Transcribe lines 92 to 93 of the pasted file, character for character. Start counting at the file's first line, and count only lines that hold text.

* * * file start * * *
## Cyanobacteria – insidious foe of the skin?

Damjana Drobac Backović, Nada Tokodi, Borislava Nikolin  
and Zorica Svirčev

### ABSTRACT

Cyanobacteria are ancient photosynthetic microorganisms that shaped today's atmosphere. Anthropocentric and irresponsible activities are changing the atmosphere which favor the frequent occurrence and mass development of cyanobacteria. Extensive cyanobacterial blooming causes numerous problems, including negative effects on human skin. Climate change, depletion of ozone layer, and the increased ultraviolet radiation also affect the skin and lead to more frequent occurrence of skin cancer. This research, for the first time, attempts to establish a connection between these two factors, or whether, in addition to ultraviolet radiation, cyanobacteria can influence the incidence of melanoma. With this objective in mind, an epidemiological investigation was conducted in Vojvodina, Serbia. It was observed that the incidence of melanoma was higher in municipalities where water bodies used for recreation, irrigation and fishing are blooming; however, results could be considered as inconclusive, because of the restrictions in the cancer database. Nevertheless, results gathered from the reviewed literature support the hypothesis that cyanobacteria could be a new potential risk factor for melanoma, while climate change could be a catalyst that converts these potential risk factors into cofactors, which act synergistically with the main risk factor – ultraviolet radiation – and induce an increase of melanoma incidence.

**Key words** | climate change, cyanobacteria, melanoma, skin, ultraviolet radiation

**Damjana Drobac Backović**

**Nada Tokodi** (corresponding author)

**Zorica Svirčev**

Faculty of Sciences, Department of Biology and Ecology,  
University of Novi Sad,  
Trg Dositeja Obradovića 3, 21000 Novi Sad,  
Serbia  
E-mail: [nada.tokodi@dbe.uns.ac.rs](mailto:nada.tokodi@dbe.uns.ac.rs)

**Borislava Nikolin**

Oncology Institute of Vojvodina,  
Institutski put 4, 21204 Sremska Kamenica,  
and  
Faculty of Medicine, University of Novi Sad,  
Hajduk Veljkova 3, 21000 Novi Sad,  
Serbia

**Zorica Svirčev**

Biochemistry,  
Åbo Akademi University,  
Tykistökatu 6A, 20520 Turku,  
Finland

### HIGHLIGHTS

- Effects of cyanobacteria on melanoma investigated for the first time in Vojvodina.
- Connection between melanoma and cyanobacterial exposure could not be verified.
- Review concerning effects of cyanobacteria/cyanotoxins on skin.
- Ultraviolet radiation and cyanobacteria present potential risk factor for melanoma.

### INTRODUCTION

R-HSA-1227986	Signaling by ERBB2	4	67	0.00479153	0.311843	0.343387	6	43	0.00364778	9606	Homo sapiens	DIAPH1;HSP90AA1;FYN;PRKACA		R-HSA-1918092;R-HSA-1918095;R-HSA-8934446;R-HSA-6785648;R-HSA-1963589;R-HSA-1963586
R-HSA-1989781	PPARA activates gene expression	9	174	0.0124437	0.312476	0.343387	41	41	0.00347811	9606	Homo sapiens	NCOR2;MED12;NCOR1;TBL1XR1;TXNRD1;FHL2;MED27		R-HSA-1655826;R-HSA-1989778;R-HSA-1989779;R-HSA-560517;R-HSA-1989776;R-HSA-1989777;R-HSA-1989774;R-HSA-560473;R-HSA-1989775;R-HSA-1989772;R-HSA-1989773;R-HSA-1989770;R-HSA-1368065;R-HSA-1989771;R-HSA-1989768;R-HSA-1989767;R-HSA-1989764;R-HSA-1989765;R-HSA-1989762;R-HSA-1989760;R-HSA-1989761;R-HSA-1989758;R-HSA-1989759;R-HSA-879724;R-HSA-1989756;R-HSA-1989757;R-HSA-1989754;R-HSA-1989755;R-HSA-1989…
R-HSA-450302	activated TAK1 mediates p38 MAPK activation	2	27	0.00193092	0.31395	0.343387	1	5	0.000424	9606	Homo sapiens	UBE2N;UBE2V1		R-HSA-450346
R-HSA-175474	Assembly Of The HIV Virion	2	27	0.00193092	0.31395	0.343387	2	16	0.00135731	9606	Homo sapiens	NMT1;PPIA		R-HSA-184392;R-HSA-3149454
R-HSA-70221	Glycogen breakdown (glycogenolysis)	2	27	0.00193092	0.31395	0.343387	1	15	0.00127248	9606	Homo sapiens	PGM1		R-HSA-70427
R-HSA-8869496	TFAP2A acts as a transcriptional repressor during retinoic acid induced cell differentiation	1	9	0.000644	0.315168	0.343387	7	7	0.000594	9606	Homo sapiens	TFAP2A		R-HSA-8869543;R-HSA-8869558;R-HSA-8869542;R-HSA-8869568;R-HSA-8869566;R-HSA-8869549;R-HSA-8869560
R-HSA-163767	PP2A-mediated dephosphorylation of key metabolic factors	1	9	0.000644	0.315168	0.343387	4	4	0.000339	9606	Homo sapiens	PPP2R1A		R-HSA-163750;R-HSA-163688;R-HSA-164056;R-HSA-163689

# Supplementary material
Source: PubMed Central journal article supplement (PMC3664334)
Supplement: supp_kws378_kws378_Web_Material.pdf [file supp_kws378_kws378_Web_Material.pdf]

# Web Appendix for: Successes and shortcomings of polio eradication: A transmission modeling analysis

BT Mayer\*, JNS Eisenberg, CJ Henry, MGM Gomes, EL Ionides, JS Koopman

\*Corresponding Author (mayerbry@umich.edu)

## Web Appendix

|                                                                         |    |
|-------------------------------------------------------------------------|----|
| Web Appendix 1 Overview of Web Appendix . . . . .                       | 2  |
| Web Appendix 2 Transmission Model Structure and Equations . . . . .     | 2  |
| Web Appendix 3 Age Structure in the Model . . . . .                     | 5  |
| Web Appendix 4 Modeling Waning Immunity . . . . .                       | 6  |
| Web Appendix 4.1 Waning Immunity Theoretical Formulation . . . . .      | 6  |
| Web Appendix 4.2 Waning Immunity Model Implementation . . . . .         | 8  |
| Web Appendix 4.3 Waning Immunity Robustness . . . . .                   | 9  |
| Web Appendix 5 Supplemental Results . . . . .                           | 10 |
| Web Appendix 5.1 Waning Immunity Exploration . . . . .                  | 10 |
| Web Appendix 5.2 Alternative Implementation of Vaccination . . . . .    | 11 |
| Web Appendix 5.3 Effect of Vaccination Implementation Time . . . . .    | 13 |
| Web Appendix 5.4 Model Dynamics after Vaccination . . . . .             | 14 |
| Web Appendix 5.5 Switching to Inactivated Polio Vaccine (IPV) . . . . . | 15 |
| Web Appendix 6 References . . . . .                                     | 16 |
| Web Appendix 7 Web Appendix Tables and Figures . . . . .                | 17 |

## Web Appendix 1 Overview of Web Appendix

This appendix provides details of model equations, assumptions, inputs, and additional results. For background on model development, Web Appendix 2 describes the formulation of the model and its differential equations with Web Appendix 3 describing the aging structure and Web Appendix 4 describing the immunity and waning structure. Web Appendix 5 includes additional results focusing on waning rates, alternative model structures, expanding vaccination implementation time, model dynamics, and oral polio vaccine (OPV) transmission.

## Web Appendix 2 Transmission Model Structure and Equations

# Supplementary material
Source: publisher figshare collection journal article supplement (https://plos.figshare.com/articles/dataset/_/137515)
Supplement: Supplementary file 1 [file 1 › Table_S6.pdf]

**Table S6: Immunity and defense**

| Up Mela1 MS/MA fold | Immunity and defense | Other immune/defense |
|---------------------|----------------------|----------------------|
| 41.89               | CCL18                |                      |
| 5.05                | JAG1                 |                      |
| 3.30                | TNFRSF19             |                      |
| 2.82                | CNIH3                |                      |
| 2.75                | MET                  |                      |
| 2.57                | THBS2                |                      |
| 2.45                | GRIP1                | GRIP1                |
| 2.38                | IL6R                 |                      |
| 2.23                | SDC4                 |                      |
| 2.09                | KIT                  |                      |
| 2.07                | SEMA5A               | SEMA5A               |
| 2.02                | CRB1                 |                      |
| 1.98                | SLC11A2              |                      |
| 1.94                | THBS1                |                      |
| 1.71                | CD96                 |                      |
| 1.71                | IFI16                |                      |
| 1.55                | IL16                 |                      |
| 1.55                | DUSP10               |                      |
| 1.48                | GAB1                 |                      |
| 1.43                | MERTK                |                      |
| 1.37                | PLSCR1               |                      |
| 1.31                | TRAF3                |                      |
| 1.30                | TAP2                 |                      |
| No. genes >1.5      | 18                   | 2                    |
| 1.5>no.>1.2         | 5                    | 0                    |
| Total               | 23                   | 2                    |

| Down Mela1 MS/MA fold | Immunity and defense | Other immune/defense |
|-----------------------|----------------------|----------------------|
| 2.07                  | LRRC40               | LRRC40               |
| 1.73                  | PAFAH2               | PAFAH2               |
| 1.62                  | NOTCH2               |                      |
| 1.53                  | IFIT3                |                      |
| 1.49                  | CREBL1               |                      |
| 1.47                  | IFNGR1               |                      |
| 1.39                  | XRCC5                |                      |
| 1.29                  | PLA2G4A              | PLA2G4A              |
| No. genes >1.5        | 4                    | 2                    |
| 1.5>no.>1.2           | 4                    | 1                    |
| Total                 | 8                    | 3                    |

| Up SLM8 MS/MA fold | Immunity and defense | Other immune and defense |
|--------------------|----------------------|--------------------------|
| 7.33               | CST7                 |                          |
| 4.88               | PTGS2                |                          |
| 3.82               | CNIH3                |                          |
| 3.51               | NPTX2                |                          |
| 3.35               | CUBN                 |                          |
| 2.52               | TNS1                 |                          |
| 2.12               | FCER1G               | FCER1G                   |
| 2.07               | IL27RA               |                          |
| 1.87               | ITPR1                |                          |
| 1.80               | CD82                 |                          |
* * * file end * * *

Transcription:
| 1.43                | MERTK                |                      |
| 1.37                | PLSCR1               |                      |